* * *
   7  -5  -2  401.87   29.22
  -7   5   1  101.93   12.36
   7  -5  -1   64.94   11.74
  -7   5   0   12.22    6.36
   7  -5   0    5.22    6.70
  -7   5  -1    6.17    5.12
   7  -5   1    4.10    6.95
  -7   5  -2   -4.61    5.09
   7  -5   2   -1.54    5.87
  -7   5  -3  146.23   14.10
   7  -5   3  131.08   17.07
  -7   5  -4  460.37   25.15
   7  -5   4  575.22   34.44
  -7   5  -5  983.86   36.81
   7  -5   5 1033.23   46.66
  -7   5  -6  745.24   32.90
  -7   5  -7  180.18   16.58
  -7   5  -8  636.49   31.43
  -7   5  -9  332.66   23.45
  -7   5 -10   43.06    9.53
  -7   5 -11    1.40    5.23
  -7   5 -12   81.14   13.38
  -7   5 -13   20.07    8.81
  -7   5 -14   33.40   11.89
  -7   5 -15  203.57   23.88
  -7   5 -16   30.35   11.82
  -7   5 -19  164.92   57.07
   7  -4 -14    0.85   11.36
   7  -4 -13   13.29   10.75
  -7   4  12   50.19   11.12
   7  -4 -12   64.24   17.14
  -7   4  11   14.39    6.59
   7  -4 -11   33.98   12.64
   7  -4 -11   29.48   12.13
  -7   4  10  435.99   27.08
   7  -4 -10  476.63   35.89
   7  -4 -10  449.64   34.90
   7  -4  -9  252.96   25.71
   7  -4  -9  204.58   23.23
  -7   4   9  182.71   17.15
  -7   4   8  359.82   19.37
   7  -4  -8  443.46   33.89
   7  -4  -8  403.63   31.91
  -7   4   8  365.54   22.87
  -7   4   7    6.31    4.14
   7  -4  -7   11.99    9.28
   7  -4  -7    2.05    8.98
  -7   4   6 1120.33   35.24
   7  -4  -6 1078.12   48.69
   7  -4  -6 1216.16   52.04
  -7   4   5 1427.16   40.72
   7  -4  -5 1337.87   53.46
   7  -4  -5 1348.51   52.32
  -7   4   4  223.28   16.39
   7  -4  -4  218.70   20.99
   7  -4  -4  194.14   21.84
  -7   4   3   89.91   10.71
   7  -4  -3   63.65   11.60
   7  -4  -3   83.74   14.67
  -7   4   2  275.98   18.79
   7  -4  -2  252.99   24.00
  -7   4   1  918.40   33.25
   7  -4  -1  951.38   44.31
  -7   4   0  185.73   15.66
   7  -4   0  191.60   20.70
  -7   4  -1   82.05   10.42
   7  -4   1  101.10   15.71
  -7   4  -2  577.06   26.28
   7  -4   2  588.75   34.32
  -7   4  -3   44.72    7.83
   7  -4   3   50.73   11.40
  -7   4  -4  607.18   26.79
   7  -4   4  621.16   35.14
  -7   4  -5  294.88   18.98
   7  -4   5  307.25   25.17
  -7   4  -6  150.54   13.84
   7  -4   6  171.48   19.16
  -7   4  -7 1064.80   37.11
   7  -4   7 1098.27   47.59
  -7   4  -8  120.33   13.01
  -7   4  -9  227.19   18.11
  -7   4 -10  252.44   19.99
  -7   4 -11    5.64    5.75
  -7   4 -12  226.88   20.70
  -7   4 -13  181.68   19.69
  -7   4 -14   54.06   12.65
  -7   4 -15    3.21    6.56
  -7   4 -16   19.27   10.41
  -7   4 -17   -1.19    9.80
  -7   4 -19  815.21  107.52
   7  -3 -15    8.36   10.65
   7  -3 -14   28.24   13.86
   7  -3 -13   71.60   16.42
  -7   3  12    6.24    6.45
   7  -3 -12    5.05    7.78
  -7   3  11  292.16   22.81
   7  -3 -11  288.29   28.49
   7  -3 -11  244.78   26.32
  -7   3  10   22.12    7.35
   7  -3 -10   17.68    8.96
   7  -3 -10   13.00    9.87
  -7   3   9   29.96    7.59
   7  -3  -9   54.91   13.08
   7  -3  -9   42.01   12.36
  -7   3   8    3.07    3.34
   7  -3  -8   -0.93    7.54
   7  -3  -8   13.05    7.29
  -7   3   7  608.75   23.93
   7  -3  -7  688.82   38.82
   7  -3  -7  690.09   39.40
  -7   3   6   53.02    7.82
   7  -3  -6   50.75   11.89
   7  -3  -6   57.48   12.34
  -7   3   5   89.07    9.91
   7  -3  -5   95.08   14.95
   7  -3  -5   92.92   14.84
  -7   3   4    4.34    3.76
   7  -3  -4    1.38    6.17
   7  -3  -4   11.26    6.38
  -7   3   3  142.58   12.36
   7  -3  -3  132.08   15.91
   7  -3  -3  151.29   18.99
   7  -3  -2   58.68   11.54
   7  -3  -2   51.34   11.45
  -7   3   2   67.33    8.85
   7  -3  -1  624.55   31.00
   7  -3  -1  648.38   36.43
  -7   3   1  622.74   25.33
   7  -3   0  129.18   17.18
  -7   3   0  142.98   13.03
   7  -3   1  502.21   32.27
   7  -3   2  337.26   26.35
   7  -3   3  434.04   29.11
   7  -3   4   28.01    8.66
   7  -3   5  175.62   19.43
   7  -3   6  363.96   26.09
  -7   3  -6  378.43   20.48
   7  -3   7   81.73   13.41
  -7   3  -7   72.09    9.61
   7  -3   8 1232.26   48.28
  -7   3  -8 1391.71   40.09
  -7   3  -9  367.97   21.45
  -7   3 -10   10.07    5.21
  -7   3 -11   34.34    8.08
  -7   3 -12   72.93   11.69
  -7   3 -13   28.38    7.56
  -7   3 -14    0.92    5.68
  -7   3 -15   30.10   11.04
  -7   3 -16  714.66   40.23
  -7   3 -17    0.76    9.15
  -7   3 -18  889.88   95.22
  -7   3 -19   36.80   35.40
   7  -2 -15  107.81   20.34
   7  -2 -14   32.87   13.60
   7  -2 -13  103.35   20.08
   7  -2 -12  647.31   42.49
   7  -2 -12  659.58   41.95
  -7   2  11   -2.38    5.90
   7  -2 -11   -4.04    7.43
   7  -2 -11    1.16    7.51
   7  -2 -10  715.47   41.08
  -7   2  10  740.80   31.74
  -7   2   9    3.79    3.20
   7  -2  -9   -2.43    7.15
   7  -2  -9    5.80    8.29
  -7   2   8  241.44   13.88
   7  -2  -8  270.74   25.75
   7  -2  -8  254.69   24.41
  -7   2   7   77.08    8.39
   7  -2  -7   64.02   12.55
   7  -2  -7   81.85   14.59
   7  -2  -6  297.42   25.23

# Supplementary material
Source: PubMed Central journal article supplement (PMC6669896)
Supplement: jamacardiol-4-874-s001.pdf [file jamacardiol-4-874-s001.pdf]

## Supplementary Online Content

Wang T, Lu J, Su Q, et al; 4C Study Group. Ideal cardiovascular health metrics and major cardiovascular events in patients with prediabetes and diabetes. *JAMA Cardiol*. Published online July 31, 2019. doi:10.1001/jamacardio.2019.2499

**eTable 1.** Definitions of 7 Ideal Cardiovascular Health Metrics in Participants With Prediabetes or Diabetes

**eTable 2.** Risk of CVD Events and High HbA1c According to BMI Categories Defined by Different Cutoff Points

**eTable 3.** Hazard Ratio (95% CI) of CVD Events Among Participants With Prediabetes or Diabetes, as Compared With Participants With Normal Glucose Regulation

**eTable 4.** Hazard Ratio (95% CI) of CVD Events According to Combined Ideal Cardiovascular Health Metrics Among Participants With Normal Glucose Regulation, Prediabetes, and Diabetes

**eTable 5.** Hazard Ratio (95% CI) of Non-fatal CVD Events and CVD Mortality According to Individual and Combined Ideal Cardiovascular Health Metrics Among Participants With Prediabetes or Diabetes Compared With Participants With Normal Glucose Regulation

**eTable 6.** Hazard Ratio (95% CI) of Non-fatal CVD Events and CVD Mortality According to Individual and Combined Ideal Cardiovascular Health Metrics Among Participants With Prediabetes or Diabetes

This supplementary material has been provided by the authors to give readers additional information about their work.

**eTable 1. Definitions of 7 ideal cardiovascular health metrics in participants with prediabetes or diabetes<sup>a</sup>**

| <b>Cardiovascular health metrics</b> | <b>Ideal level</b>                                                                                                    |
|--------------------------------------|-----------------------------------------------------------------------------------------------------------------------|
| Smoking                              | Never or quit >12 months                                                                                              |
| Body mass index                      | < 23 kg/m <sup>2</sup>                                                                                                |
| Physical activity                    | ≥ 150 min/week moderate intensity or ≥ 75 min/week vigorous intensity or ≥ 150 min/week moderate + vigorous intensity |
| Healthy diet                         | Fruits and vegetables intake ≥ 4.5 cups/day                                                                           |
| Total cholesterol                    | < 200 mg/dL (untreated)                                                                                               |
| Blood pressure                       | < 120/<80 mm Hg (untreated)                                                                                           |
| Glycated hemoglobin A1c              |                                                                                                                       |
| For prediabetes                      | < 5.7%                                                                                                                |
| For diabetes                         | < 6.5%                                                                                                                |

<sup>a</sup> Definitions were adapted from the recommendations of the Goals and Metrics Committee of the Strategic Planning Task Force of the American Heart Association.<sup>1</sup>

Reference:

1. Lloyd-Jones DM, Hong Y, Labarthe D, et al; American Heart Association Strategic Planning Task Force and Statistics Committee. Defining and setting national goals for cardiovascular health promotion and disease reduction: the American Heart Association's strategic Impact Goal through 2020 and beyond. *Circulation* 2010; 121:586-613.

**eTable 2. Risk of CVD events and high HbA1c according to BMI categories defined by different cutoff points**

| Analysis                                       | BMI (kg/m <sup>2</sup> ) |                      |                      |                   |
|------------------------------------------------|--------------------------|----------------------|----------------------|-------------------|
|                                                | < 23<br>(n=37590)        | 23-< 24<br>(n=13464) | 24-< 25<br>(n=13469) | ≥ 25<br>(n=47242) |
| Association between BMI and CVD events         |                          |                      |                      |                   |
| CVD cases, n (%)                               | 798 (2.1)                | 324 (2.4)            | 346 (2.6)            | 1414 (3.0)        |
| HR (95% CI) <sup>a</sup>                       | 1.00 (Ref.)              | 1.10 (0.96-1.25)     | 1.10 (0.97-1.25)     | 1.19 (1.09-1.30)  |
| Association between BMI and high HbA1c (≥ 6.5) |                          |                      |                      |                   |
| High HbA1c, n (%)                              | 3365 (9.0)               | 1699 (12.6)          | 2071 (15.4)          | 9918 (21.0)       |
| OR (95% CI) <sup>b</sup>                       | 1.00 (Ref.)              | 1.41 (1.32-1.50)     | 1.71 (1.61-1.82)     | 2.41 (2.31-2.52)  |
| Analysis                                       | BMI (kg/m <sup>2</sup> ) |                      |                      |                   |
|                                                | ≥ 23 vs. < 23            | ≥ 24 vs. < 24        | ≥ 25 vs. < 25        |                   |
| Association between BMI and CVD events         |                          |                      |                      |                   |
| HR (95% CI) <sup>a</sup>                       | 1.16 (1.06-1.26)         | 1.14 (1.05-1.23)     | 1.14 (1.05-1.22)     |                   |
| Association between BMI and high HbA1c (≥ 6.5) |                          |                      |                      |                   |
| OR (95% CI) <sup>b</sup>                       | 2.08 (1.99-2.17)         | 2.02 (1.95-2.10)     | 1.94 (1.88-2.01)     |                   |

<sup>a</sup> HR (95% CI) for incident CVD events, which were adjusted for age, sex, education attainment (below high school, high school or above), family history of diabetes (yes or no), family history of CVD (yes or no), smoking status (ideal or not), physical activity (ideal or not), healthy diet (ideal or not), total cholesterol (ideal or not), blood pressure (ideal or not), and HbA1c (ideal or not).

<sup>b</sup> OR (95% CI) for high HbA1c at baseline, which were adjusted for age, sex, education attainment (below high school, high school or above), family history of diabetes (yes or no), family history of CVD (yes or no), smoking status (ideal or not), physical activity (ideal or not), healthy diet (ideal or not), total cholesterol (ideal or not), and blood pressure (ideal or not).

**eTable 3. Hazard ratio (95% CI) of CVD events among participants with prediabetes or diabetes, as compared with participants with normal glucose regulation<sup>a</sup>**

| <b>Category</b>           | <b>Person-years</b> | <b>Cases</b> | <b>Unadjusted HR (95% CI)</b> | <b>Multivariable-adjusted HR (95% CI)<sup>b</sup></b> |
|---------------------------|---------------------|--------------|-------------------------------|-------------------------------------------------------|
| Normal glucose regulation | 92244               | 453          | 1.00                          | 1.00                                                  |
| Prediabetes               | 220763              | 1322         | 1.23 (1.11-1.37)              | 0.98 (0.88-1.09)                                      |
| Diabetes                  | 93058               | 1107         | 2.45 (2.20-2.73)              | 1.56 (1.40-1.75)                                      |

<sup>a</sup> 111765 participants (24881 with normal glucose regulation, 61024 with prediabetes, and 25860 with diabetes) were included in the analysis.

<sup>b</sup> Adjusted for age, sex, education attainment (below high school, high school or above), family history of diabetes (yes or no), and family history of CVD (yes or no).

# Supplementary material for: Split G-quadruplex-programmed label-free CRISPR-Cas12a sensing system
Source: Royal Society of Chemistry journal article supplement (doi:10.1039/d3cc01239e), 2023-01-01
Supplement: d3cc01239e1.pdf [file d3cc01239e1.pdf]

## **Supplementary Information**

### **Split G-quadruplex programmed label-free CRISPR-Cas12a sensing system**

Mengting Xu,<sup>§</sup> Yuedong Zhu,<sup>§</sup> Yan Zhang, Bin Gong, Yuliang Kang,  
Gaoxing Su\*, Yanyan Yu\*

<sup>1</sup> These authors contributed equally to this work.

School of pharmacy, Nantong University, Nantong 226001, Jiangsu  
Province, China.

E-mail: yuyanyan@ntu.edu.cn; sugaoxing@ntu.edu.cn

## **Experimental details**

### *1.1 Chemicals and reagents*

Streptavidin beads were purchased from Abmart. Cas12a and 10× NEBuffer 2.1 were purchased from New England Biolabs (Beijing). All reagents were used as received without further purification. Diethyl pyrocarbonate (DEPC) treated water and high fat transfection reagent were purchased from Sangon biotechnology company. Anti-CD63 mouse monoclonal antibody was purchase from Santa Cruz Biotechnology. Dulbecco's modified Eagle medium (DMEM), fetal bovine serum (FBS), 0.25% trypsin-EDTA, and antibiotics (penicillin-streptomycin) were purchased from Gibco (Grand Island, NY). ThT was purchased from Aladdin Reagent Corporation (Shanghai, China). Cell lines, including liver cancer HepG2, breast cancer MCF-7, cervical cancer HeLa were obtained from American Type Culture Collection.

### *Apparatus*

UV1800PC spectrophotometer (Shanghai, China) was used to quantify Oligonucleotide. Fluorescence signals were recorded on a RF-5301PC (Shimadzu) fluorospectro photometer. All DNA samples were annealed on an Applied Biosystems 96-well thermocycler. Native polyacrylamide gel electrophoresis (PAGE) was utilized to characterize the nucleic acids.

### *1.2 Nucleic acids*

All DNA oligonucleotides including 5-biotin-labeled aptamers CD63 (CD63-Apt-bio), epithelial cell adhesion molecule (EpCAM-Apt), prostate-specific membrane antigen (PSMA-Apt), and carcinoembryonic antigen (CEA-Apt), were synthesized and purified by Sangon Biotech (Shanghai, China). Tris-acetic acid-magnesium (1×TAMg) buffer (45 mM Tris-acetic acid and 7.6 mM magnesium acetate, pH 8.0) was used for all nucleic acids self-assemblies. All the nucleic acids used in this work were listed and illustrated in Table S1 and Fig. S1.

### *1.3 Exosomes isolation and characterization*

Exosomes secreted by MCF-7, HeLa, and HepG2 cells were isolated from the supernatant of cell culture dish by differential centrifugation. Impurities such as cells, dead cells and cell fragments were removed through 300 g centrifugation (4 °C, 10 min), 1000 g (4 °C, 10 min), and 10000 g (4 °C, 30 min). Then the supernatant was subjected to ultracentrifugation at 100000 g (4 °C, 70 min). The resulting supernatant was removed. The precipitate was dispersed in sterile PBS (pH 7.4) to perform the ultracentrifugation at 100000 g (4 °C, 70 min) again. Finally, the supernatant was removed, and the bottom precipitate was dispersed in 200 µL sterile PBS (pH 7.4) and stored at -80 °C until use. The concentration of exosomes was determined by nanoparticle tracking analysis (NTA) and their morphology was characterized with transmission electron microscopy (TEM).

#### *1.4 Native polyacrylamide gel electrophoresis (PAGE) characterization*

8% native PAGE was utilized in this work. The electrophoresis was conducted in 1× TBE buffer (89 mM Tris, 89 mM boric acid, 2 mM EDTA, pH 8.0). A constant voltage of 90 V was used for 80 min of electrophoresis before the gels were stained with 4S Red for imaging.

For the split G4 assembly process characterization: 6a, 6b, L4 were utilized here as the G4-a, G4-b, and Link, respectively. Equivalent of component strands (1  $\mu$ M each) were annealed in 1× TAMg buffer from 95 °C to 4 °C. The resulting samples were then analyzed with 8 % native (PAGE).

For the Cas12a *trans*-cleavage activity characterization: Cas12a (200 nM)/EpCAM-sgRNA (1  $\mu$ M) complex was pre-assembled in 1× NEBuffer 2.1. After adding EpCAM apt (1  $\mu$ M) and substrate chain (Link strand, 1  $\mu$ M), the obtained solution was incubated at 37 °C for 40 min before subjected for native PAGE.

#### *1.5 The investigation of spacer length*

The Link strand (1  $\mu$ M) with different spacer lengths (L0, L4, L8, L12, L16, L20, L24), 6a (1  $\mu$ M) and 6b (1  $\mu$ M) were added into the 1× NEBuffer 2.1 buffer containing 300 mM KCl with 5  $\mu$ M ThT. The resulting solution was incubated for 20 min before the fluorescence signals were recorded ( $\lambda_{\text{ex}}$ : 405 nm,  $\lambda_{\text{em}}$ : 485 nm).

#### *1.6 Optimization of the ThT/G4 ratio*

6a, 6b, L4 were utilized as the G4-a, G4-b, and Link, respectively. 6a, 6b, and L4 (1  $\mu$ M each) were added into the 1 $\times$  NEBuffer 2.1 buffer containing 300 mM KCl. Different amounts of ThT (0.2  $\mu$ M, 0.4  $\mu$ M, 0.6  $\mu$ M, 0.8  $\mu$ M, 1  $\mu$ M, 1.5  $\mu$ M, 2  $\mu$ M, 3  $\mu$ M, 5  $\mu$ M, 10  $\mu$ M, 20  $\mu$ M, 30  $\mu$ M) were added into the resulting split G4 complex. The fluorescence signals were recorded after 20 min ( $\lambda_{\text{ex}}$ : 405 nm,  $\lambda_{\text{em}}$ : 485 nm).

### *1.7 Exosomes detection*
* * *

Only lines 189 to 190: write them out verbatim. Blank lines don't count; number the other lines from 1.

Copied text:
| Body mass index                      | < 23 kg/m <sup>2</sup>                                                                                                |
| Physical activity                    | ≥ 150 min/week moderate intensity or ≥ 75 min/week vigorous intensity or ≥ 150 min/week moderate + vigorous intensity |